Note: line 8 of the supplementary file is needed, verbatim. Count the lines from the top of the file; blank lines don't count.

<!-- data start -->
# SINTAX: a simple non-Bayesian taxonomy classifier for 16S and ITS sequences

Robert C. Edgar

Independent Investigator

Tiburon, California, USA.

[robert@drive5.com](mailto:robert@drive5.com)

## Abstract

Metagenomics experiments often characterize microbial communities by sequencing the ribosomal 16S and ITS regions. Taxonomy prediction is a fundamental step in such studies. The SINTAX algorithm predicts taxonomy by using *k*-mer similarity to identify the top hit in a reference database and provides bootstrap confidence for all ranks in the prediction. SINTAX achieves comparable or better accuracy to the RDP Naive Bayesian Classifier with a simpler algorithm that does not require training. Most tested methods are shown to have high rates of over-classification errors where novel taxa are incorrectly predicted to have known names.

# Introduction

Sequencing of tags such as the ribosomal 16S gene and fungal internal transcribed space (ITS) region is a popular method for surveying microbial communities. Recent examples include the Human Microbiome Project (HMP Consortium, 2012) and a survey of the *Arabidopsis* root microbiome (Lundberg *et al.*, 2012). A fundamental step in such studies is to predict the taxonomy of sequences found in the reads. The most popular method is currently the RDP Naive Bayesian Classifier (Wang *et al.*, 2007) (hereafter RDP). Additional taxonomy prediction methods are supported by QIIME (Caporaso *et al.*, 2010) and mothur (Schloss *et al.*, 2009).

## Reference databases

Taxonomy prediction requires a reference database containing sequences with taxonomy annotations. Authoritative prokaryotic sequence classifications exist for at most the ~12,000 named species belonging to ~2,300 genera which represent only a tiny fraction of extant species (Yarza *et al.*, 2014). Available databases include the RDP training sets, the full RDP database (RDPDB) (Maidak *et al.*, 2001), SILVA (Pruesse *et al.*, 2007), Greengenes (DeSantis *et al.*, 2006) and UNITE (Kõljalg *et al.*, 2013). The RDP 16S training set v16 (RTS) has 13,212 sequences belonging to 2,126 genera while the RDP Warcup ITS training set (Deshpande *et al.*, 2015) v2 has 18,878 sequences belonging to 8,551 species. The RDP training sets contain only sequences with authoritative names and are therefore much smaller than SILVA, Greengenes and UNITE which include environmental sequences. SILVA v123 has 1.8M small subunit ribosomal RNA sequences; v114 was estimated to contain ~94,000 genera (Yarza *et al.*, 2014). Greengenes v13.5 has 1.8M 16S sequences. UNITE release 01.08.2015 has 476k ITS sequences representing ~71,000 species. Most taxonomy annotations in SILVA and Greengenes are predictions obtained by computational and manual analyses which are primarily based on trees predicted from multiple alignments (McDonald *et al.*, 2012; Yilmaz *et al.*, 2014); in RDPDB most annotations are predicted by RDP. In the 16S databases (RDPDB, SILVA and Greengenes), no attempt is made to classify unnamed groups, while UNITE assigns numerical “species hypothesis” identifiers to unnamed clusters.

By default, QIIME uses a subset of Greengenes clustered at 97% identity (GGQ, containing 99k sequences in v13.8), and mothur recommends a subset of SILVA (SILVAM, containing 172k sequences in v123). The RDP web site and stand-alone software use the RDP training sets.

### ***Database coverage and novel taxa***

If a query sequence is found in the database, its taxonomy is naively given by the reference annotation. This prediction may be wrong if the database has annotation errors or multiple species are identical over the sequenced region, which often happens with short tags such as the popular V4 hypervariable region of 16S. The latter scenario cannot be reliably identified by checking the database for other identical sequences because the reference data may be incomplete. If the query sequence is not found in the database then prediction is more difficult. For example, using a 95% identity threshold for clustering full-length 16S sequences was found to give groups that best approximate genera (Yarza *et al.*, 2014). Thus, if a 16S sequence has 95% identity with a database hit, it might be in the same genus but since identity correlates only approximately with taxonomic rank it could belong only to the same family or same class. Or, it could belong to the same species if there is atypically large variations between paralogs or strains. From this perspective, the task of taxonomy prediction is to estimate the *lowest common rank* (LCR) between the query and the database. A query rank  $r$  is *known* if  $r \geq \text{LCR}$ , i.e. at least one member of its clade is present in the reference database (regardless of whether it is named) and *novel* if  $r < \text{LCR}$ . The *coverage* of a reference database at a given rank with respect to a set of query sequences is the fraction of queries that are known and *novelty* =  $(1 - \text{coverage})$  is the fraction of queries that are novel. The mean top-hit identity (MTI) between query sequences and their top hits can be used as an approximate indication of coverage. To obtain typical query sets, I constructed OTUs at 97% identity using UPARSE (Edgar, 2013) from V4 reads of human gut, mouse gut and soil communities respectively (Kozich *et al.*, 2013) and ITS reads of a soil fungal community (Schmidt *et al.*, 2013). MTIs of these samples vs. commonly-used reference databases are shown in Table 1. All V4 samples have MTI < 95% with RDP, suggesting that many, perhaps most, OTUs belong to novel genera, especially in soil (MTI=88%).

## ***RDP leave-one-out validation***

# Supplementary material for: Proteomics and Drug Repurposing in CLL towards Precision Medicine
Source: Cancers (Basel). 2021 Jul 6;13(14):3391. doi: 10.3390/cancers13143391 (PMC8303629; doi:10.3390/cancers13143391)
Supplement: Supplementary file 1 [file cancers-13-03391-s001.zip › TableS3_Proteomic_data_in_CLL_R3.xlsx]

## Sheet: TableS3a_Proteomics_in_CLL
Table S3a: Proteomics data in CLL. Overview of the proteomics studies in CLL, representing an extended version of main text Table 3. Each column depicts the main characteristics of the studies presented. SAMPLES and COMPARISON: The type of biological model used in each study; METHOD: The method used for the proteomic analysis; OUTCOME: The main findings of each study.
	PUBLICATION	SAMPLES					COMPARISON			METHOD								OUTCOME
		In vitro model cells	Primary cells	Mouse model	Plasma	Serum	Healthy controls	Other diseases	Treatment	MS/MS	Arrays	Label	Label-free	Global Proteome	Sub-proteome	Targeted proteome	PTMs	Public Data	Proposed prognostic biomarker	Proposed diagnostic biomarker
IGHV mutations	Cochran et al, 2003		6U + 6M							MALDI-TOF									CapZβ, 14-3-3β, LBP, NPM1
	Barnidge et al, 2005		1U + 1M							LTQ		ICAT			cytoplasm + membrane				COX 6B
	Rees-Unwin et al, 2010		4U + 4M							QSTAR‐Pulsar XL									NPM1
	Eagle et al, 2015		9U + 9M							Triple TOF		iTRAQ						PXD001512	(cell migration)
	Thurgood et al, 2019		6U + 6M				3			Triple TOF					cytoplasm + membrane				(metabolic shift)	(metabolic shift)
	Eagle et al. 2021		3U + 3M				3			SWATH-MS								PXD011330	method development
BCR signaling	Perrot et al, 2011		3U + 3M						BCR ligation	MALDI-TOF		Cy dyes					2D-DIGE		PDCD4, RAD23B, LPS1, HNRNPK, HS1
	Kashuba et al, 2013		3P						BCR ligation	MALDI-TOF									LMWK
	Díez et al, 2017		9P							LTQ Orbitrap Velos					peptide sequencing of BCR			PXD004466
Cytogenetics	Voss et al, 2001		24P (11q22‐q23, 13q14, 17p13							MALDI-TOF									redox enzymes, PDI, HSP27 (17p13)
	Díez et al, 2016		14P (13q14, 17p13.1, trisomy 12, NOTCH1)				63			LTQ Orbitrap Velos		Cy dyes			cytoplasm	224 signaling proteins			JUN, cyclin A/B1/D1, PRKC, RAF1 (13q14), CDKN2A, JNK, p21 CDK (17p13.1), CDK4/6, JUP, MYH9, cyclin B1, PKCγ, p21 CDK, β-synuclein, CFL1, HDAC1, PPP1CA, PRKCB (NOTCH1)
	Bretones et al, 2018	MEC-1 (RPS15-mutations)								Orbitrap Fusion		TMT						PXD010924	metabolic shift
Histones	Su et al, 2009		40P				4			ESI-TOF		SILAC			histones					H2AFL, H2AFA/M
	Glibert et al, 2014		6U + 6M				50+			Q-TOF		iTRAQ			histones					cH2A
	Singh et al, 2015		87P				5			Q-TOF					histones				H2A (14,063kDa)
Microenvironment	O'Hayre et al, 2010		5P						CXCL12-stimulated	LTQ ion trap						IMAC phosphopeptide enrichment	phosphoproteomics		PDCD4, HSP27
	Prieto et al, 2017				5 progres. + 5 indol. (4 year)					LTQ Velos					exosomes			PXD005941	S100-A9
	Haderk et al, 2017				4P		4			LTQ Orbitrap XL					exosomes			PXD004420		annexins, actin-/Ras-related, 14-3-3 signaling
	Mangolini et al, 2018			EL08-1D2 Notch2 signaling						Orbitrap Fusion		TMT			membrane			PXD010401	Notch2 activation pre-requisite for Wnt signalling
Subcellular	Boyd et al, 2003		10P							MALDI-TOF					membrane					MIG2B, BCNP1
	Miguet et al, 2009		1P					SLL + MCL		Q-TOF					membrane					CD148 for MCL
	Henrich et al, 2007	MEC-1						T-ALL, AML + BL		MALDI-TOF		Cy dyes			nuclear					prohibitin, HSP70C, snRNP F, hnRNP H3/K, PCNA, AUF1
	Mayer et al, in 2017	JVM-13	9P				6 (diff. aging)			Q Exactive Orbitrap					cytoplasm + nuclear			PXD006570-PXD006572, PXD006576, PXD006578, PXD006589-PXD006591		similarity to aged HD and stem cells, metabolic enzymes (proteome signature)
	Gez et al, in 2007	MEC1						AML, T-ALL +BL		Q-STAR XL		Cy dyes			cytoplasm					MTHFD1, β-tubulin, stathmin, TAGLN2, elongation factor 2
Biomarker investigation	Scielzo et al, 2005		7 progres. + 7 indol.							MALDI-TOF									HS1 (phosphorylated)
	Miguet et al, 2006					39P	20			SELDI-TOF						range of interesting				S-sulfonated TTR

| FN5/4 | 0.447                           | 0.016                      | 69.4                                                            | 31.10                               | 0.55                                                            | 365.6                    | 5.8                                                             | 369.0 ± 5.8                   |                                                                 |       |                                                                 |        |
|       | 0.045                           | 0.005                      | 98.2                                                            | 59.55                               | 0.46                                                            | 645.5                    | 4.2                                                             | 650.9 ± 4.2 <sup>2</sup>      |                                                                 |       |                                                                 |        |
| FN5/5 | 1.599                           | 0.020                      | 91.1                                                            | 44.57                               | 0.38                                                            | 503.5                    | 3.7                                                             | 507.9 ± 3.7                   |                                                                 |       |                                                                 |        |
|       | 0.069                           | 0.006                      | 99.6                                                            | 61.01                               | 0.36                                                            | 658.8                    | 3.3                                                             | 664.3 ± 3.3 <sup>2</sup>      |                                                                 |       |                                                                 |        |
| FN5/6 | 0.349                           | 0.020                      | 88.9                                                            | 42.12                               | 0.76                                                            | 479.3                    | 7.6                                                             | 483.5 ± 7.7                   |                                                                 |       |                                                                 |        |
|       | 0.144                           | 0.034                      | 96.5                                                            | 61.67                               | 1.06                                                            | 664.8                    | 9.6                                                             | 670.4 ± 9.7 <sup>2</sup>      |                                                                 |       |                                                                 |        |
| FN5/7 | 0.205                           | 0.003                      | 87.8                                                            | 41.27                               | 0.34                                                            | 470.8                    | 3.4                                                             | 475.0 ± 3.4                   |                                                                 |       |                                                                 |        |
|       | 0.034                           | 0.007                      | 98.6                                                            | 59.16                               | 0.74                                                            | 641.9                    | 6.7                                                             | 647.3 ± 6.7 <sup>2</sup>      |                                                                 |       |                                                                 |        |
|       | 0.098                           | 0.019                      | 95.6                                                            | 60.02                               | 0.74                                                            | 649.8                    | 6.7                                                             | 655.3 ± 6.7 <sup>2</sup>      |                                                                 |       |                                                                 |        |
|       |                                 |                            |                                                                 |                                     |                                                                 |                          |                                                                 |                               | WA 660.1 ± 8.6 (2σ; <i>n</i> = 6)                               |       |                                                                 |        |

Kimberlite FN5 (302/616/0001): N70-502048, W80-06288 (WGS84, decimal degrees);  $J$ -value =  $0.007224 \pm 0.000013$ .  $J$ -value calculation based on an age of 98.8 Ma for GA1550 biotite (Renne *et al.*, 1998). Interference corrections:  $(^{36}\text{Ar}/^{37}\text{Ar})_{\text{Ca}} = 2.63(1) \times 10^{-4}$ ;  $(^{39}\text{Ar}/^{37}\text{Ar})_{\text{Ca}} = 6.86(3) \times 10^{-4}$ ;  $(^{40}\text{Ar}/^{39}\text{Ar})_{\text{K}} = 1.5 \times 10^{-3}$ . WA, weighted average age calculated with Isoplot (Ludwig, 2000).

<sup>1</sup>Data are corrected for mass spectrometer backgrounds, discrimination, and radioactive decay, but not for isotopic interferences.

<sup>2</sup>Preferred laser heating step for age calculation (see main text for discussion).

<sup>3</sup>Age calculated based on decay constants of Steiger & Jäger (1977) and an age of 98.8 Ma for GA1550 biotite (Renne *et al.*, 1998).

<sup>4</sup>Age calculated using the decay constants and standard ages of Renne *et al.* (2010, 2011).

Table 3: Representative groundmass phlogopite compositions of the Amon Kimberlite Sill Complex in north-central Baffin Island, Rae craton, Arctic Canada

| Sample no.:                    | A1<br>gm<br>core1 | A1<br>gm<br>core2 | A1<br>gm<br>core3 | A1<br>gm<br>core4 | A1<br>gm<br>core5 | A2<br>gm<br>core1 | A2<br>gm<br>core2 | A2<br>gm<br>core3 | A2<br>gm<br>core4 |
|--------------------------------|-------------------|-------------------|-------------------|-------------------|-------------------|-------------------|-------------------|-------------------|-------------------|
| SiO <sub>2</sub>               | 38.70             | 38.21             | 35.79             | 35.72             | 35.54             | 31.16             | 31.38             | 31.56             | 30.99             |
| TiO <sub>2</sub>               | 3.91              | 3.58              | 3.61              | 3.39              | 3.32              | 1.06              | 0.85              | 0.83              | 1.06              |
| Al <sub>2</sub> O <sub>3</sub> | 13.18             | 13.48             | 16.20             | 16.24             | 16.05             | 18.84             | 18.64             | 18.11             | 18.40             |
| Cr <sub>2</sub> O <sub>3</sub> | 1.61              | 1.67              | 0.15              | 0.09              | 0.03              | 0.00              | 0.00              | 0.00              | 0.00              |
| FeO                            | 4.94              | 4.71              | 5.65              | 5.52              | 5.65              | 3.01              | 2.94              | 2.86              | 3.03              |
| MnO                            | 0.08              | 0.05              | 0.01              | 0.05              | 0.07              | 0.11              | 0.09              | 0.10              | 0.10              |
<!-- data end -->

# Introduction